In 1901, Stuart Duncan, heir to a 19th-century fortune derived from the importation of Lea & Perrins Worchestershire Sauce to America, purchased two 25-foot-wide vacant parcels on East 75th Street, just 115 feet off New York’s tony Fifth Avenue.
The condiment heir commissioned high-society architect C.P.H. Gilbert to build him an impressive private home on the two lots, which was completed in 1904. The results were undeniably spectacular. Standing six floors behind a wrought-iron fence atop a rusticated base, the limestone mansion sported two-foot-thick walls for soundproofing, a bronze-railed marble staircase, and rooms paneled in exotic woods. Other lavish amenities included a 50-foot ballroom with a 20-foot ceiling and on the top floor, a squash court complete with a spectator’s gallery.
Duncan and his wife were prominent members of society and, as such, entertained all manner of Carnegies, Astors, Phippses and Dodges during their residency. They sold the house in 1920 for $750,000, an amount equivalent to about $12 million today, to fabulously rich silver scion Clarence Hungerford Mackay, whose father was one of the folks who discovered Nevada’s Comstock Lode in 1876. A divorcée with three daughters, one of whom married Irving Berlin in 1926, Mackay also entertained the beau monde; in 1927 he hosted a gala dinner in honor of Charles Lindbergh, who had just returned to New York from his record-setting nonstop solo flight from Long Island to Paris.
By the mid 1940s, the mansion had been acquired by a real estate investment concern and carved up in almost two dozen small rental apartments, with one to three rooms apiece. Then, in 2005, the mansion-cum-apartment-house was converted to condos and once again reconfigured, but this time with just seven apartments ranging in size from a picayune street-level studio to a mansion-sized triplex penthouse. Though one of the smaller units occasionally pops up as a rental — most recently, in 2020, the aforementioned street-level studio was available at $3,750 per month — and French art dealer Philippe Segalot sold his sprawling duplex last year for almost $19 million, it’s rare for one of the boutique building’s apartments to change hands. Prior to the Segalot sale, the most recent recorded sale was in 2011, when a duplexed one-bedroom went for nearly $2.7 million.
One of the building’s long-time residents, short-selling investor James Chanos, would certainly like to add his one-of-a-kind penthouse to the short list of recent sales at what is still known as The Stuart Duncan House. The 60-something-year-old investment manager’s decades of predictive market savvy and well-timed short selling have earned him a slew of sobriquets such as “Darth Vadar of Wall Street,” the “Catastrophe Capitalist” and the “LeBron James of Short Selling.” He is probably best known for correctly predicting the downfall and shorting the stock of the now defunct energy firm Enron, for which he reportedly hauled in half a billion bucks. More recently, among other prognostications, Chanos predicted the collapse of the cryptocurrency market and that Tesla’s profit margins will fall, which would, of course, make the value of his short position in the popular but expensively niche car company soar.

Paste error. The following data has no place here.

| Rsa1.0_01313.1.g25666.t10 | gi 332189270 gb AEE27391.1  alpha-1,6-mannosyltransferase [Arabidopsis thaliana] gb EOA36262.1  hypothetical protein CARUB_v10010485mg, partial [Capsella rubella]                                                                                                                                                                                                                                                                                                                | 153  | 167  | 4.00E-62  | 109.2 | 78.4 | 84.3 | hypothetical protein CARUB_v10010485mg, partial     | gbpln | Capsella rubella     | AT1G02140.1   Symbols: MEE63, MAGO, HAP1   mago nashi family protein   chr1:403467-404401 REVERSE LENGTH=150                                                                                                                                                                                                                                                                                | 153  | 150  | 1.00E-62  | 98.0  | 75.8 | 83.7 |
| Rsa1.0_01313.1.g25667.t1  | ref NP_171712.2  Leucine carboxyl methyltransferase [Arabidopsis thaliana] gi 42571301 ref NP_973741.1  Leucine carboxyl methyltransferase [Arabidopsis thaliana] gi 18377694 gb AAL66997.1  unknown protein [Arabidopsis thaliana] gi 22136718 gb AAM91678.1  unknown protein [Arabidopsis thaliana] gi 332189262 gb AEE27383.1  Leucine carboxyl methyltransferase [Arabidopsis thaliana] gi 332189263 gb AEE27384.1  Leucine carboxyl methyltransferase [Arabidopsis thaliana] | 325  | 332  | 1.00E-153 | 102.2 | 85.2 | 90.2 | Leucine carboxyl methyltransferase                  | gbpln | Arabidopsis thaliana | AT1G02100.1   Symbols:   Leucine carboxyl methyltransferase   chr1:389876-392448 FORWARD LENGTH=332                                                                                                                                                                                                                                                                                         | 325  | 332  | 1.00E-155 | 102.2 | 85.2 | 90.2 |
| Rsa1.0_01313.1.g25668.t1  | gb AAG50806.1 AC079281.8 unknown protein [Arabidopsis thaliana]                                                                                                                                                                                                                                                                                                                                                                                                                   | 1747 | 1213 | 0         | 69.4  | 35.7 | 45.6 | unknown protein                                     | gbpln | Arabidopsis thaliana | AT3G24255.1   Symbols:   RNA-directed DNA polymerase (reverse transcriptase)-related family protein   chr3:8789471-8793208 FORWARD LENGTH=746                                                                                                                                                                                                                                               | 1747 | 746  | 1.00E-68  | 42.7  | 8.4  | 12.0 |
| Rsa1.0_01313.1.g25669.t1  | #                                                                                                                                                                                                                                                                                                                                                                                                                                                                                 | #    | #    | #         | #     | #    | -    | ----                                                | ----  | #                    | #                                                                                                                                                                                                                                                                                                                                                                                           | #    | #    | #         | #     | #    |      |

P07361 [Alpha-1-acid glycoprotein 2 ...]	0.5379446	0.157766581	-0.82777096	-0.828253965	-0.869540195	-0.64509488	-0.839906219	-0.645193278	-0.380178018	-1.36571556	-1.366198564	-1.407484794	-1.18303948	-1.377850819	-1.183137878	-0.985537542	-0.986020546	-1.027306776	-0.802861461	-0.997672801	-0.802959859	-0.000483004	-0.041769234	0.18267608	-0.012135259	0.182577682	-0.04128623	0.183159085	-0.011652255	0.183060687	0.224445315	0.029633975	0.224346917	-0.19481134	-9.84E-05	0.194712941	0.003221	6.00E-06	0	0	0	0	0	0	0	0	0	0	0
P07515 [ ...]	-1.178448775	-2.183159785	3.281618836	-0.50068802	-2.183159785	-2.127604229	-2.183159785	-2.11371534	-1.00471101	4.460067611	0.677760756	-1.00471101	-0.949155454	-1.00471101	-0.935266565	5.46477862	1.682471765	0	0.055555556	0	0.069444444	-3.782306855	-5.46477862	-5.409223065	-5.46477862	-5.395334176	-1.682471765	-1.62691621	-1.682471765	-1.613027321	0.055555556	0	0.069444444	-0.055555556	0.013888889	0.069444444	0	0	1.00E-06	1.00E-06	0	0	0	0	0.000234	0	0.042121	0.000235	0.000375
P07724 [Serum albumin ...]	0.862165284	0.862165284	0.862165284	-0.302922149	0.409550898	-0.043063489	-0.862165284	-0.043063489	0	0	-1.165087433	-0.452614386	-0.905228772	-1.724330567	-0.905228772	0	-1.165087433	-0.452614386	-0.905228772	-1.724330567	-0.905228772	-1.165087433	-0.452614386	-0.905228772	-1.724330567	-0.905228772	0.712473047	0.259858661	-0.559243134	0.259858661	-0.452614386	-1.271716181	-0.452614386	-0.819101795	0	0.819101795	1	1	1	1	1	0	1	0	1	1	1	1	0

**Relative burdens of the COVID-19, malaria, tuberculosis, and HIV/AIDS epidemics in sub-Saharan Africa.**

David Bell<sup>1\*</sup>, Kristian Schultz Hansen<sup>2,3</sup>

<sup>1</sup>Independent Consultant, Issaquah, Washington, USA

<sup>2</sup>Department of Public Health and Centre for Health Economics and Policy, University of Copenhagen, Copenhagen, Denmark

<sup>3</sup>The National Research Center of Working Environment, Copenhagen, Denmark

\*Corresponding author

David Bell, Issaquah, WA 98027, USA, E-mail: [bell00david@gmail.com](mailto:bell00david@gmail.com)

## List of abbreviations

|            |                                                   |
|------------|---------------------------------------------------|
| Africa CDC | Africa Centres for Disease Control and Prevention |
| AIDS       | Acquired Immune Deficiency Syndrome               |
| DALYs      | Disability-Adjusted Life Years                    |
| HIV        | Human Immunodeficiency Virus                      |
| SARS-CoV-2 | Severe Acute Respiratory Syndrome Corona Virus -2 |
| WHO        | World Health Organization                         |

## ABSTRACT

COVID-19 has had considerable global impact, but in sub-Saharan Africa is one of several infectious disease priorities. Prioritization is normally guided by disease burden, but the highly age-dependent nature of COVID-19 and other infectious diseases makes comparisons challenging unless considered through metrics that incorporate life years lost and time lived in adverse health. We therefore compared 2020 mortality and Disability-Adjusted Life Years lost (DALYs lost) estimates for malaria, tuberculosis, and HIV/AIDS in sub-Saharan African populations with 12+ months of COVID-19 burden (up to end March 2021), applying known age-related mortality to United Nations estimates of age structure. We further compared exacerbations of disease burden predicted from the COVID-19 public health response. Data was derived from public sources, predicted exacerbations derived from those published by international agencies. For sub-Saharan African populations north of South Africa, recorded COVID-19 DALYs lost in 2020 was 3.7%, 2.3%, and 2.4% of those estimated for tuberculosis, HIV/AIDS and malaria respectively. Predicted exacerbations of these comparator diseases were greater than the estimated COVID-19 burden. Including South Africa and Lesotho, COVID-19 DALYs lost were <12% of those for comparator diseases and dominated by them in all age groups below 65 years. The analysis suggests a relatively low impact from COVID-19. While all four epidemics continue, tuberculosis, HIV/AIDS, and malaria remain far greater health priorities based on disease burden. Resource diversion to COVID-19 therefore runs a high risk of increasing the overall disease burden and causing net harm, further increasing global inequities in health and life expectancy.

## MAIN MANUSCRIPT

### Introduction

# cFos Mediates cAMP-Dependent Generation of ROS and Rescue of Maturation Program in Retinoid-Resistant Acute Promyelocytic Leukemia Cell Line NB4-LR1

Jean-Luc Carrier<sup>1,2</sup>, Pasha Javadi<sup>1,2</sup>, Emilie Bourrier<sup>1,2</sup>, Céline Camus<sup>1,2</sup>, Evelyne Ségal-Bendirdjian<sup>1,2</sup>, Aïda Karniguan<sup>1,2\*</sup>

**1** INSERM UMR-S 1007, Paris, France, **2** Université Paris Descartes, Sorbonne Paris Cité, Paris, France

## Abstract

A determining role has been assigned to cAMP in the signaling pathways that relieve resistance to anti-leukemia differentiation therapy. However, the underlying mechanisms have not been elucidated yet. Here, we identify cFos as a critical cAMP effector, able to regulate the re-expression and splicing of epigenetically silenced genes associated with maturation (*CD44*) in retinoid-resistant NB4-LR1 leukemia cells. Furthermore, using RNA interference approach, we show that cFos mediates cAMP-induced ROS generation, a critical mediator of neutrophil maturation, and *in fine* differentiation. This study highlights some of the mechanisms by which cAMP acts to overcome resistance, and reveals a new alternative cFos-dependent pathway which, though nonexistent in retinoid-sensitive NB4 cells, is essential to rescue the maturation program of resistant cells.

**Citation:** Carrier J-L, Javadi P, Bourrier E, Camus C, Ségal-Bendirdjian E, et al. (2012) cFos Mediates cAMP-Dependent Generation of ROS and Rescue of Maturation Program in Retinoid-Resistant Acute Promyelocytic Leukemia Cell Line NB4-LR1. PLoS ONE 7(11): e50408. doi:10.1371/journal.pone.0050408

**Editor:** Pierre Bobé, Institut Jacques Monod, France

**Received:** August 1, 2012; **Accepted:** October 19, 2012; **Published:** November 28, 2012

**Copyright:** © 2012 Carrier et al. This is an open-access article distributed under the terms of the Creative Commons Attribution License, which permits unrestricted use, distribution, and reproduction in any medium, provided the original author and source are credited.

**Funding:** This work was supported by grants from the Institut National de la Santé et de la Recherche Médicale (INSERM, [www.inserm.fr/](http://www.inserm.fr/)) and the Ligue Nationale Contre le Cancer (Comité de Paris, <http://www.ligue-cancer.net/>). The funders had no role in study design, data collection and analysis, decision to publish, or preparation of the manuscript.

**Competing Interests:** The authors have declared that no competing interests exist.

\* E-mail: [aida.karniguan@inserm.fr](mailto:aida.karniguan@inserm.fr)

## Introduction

However, and though he’s unlikely to have to sell it short, he’s not likely to make much, if anything, on the sale of his penthouse when carrying costs, improvement expenses and real estate fees are factored in; he bought the place 2008 for $20.365 million and, after first giving it a go in 2019 at $34 million, now has on the market at $23.5 million.
Next door to the equally extravagant townhouse used as the exterior of the Sheffield family home on the 1990s sitcom “The Nanny,” the 50-foot-wide mansion’s exterior looks as gracious as it did when it was built 120 years ago. However, much of the building’s fantastical interior detailing and frippery was removed during one or another of its conversions. Indeed, the Chanos penthouse, with four bedrooms and three bathrooms, plus a pair of powder rooms, bears few reminders of the past and instead presents a light-filled multi-level contemporary space that’s perfect for the large gatherings, both inside and out, along with the display of a small museum’s worth of artworks.
The triplex’s middle, main floor comprises the entrance gallery, a 1,200-square-foot great room that stretches to almost sixty feet long with a wood burning fireplace (it may very well be where Duncan’s squash court was once-upon-a-time located), and a much more cozily proportioned and elegantly paneled den. Also on this floor is the sleek galley kitchen that’s complete with walk-in wine cellar and a breakfast area that opens to a pergola-shaded dining terrace with a stainless-steel outdoor kitchen and grill.
Bedrooms are all on the lower level, including the super-sized main suite, while the uppermost floor is devoted to leisure and entertainment. A spacious screening room seats a dozen, while an adjoining bar, big enough to accommodate a pool table, spills out to one of the penthouse’s six terraces, two of which are conveniently connected by an exterior stair. There’s even a building-framed view of Central Park from the upper terraces.
Available through Richard Steinberg, principal of the Richard Steinberg Team at Compass, who declined to comment, annual taxes run just over $80,000 a year and condo fees, which cover security and doorman services among other things, tally up to almost $144,000.
Tax records indicate Chanos has owned a nearly 5,000-square-foot Miami Beach condo for about 20 years but in 2021, after three decades of ownership, he off-loaded his oceanfront estate along one of the finest streets in all of the Hamptons in an off-market deal valued at almost $60 million.